Gergely Orosz Profile picture
Oct 4 7 tweets 2 min read
What I am hearing from multiple sources:

Meta is rescinding intern offers, which offers were for 2023 start dates.

This is a first in the history of the company as far as I'm aware.
My sources are both interns whose offers are rescinded, and employees within the company who were made aware of this rescinding happening.

Not terribly surprising given Meta did not extend new grad offers to most 2022 interns. Internships are a recruitment tool at Big Tech.
Rescinding these offers suggests that 2023 will, indeed see little hiring at Meta. You stop hiring interns if you're pretty sure you won't have HC to offer them to return a year later (or you're not 100% you'll have it).

THIS is the first in the history of the company in tech.
The intern offers rescinded were extended in April 2022 for the London office, interns due to start as early as Jan 2023.

Interns got the notification that they won't start. Note that 2023 US intern interviews have not yet started and no such intern offers are out as such.
These interns in London typically graduate summer 2023. Rescinding these intern offers suggest they would have not gotten return offers in 2023, which is in line with how 2022 US interns mostly did not get 2023 return offers.
Update: Meta is paying 1 month in compensation for interns whose offers was rescinded (previous tweet was wrong on 3 months, deleted & reposted this) This is a nice gesture.

I’m gathering more details, talking with sources.
One of the impacted interns (posted with permission).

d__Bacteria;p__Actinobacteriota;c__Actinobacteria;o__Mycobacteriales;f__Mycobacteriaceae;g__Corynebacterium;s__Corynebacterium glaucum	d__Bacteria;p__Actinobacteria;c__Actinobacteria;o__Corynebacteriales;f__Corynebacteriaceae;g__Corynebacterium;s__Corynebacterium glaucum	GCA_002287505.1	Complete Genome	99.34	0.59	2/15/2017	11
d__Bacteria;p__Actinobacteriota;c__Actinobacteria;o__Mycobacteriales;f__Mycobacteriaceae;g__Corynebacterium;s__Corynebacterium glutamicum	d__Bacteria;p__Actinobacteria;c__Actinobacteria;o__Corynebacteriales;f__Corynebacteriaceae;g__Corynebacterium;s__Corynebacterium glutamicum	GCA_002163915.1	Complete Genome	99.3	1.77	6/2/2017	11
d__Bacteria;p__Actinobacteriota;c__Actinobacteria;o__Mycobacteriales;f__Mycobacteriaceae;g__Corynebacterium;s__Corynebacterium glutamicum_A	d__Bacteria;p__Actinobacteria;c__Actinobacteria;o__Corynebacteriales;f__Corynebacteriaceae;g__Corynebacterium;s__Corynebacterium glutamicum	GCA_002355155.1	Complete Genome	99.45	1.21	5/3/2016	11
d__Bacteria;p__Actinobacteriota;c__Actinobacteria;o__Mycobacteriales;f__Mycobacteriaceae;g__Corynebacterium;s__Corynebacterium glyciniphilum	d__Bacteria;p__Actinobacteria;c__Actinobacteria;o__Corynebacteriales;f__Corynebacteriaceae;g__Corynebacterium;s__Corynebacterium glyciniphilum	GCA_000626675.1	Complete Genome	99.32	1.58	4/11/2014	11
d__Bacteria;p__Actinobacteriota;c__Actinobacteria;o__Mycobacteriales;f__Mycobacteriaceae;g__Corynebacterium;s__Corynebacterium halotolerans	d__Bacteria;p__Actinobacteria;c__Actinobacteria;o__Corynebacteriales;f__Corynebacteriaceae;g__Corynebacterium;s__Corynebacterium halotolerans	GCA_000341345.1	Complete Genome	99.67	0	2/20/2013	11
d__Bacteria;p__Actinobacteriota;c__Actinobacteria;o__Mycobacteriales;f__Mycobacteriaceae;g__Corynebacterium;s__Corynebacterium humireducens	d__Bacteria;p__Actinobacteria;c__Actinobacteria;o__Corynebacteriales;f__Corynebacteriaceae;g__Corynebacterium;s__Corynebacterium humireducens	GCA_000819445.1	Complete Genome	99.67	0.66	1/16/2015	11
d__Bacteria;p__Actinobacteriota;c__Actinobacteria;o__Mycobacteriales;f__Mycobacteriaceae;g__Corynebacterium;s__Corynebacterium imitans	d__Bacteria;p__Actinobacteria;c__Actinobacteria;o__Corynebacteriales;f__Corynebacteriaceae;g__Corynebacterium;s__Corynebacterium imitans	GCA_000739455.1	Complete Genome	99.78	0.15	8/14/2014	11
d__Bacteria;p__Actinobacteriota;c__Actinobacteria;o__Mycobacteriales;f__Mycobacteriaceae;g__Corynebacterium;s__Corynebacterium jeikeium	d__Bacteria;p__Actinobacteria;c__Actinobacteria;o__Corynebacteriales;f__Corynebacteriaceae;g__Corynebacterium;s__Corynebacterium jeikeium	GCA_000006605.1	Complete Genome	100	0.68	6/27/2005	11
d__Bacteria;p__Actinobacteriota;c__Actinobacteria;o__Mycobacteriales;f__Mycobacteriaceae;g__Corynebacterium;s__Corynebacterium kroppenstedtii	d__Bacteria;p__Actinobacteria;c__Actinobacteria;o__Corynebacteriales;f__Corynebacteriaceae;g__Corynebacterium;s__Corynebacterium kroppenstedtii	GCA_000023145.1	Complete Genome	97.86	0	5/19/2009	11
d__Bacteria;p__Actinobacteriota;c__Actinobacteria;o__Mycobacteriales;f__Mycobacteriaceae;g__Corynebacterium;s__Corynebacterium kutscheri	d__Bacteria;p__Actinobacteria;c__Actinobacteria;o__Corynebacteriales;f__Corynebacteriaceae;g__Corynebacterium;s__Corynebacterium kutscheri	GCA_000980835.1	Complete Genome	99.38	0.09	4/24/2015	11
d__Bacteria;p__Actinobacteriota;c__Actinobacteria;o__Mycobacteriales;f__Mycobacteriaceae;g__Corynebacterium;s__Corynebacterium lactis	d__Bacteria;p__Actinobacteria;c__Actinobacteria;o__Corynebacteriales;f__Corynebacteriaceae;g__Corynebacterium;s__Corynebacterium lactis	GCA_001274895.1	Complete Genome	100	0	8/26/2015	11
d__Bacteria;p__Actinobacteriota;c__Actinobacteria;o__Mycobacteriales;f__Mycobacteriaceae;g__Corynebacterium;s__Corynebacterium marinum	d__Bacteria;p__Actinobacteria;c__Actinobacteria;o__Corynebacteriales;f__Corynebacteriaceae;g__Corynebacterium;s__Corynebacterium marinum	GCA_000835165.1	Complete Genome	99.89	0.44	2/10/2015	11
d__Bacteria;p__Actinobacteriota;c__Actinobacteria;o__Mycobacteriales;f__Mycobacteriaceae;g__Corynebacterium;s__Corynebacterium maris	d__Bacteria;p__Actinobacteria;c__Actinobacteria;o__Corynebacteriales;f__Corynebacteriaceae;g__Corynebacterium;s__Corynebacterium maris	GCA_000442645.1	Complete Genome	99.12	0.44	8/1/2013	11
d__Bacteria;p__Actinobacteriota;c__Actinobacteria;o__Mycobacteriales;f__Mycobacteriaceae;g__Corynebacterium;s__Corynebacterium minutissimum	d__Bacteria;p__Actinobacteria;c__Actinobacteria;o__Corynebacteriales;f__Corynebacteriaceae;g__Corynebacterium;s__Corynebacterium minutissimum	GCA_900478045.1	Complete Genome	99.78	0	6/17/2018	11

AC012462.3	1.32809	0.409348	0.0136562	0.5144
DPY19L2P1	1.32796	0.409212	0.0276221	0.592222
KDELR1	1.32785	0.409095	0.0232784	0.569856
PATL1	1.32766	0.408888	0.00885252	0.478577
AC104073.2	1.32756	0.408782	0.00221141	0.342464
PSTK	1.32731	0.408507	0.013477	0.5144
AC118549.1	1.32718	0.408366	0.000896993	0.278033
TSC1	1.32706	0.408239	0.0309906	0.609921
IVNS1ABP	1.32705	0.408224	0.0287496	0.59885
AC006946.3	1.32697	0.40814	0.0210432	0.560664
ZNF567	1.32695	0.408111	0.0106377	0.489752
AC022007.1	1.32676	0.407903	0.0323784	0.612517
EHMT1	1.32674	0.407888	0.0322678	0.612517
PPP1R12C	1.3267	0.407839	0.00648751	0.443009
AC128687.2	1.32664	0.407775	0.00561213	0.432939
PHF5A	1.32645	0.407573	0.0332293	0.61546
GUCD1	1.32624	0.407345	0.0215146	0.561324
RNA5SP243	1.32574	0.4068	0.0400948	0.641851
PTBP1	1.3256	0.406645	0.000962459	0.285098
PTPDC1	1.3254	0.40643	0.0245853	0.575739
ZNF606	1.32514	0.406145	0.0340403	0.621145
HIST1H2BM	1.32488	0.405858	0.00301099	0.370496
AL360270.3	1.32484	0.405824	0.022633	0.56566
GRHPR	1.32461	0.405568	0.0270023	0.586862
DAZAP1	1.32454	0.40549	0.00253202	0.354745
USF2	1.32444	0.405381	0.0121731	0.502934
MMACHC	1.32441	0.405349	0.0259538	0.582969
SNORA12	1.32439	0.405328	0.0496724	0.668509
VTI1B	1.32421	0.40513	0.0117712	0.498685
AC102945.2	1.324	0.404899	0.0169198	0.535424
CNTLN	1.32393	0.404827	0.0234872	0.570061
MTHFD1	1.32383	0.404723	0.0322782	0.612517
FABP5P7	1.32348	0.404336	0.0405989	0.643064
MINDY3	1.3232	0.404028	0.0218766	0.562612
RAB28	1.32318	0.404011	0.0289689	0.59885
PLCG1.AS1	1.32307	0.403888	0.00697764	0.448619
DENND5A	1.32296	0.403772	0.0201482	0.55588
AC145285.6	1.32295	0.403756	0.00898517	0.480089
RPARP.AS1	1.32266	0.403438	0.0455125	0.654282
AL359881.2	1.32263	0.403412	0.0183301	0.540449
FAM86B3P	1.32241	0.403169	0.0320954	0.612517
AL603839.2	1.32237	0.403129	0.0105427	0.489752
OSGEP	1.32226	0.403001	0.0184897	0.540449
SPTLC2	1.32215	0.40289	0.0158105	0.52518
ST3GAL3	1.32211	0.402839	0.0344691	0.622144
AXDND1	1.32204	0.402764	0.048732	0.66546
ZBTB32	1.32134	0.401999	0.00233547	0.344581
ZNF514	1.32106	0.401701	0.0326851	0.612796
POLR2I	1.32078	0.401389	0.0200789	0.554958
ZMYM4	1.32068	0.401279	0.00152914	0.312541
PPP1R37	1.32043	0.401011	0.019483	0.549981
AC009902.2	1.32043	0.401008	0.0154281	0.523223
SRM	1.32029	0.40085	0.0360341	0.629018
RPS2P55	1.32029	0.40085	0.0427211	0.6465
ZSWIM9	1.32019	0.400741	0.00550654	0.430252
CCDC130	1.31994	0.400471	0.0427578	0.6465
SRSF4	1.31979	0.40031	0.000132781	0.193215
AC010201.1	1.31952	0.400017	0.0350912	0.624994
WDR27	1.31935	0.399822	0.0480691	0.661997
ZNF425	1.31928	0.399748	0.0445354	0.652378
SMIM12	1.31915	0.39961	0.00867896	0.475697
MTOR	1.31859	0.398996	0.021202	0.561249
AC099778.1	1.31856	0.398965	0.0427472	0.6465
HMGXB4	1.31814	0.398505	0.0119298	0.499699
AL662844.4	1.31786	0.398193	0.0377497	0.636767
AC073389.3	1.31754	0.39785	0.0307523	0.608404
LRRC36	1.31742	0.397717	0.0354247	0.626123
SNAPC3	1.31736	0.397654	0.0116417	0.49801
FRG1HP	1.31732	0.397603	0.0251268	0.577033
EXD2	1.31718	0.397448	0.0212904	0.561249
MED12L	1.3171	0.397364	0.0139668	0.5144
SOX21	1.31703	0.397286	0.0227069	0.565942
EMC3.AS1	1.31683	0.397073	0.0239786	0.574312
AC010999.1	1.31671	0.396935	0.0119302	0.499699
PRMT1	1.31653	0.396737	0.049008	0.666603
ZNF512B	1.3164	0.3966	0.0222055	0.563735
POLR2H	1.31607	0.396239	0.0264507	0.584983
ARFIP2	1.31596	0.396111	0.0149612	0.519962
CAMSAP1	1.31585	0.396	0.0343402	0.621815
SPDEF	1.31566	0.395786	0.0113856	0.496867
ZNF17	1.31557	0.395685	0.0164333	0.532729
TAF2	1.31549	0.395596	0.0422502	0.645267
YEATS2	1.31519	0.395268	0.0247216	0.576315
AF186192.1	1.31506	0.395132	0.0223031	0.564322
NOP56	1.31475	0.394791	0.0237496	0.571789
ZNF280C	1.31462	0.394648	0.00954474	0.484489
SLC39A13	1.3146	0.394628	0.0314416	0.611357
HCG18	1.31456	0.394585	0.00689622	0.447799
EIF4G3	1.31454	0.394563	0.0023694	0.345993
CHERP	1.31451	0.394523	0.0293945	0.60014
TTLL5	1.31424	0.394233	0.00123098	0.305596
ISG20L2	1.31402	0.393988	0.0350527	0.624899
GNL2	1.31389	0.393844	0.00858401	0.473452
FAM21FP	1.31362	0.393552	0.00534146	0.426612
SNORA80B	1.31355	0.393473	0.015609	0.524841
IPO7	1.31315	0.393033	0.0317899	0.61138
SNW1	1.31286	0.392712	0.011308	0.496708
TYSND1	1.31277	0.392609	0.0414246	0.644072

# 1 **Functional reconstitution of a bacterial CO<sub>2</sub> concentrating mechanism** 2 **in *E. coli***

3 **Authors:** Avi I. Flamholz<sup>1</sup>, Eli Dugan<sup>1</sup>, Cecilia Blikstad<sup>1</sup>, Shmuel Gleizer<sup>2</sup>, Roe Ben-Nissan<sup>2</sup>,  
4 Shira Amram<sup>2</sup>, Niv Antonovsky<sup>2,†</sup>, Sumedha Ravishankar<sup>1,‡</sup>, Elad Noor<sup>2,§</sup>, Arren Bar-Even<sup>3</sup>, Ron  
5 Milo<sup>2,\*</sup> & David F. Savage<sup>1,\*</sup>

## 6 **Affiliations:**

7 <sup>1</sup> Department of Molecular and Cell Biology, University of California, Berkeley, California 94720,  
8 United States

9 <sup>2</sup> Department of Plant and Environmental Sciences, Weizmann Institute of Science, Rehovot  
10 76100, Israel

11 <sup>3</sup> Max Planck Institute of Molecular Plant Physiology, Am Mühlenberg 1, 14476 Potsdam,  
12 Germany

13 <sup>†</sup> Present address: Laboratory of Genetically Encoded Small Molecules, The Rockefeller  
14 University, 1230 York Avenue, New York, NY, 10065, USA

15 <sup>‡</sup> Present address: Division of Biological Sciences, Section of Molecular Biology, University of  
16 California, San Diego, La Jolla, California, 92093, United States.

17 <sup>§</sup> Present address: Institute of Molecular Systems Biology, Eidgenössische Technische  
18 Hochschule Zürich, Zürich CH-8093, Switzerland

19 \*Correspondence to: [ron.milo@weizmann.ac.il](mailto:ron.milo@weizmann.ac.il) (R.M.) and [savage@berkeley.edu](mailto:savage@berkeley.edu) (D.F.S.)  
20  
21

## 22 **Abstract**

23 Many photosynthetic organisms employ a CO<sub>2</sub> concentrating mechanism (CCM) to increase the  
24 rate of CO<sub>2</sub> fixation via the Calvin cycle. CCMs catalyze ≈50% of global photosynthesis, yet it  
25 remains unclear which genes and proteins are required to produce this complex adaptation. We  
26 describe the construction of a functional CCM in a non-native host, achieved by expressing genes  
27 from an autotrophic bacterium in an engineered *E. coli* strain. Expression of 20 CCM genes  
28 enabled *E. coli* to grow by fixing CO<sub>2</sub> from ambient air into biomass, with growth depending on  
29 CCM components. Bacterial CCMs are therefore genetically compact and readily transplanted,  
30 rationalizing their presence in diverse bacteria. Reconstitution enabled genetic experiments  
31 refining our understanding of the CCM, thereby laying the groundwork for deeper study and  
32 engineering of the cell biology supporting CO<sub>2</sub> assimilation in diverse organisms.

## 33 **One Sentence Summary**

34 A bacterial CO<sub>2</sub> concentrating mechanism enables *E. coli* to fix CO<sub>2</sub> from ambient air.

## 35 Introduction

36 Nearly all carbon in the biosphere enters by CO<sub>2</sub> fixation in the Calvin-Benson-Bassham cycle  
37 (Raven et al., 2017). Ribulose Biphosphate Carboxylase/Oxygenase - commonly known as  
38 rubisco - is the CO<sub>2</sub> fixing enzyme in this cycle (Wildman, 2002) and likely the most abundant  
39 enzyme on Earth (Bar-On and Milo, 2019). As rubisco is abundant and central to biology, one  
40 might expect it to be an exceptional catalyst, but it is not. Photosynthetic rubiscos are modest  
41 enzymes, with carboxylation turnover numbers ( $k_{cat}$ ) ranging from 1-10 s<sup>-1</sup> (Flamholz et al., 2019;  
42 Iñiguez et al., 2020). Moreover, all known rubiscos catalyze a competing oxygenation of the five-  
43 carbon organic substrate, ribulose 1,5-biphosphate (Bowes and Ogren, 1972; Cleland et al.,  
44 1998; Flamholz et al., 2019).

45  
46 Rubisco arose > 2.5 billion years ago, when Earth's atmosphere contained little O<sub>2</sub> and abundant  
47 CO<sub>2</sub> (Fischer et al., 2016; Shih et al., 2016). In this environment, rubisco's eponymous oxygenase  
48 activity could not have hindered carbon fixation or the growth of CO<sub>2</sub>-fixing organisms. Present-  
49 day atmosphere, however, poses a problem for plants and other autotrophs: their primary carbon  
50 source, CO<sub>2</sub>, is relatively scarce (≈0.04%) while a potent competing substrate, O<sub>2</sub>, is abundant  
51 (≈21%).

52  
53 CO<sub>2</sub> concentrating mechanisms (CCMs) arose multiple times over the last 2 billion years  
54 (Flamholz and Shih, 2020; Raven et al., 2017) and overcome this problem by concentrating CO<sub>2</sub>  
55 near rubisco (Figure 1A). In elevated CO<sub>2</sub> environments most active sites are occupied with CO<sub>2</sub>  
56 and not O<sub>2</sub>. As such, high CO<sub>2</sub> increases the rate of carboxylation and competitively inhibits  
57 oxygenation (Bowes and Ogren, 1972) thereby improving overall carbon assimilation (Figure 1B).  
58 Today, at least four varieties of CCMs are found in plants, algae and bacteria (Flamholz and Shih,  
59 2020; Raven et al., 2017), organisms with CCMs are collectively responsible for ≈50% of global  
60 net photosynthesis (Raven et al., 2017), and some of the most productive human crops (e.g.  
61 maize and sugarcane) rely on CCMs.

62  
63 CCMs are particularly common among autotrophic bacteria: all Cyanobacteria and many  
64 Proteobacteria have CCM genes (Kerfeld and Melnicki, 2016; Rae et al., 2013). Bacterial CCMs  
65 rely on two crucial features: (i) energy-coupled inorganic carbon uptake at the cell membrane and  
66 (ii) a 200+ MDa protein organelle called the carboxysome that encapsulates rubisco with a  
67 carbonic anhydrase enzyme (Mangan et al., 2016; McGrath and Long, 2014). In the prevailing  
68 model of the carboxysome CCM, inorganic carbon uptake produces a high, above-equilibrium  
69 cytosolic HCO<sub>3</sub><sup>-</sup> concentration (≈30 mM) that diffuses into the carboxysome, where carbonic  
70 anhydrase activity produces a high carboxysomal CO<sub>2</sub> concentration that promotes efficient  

Meta’s intern hiring bar is high and all interns left hanging would more than likely be fantastic hires pretty much anywhere.

Original:… Sometimes life is not fair and unexpected things happen, no

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More from @GergelyOrosz

Oct 3
What led me to quit Plato:

1. Realizing that some mentees paid $300/month for the service, assuming they pay for my time, not realizing I do it for free

2. Realizing that my time was not donated to the mentee, but given free for Plato to market it. Plato is a VC-funded company.
3. The final straw was when I asked Plato to donate my “take rate” to a charity.

The company made it clear they won’t do this. Their business model is that they pay mentors nothing, charities nothing, and charge mentees $399/month ($349/month if paid annually).

Brilliant setup.
The good thing about Plato is that b/c mentees pay (a lot!) they show up most of the time. I had no shows about 1 in 4-5 times (which was always frustrating: remember, I did this for free!)

They also seemed to have hired a lot of admin staff which, ironically, slowed everything.
Read 4 tweets
Oct 3
One thing I find disappointing with Twitter is the slow product launches to roll out globally.

Twitter Blue launched Jul 2021 for Australia & Canada

Nov 2021 for US and New Zealand

Apr 2022 in Netherlands I could *finally* buy it.

Such long delay is typical for Twitter.
Regional launches, of course, make sense, esp w money involved. Still, it feels to me that Twitter is especially sluggish.

E.g. Super Follow was launched in Sep 2021... a year later it's still not opened up to profiles outside the US.

As I wrote: typical slow Twitter rollouts.
A good question by @subbupl on whether Twitter needs to do custom payments infra.

For Twitter Blue: nope. They use Apple's in-app-purchase infra, needing close to zero payments work.

For Super Follow: possibly some more work. Still, unexplainably slow.

Read 5 tweets
Oct 1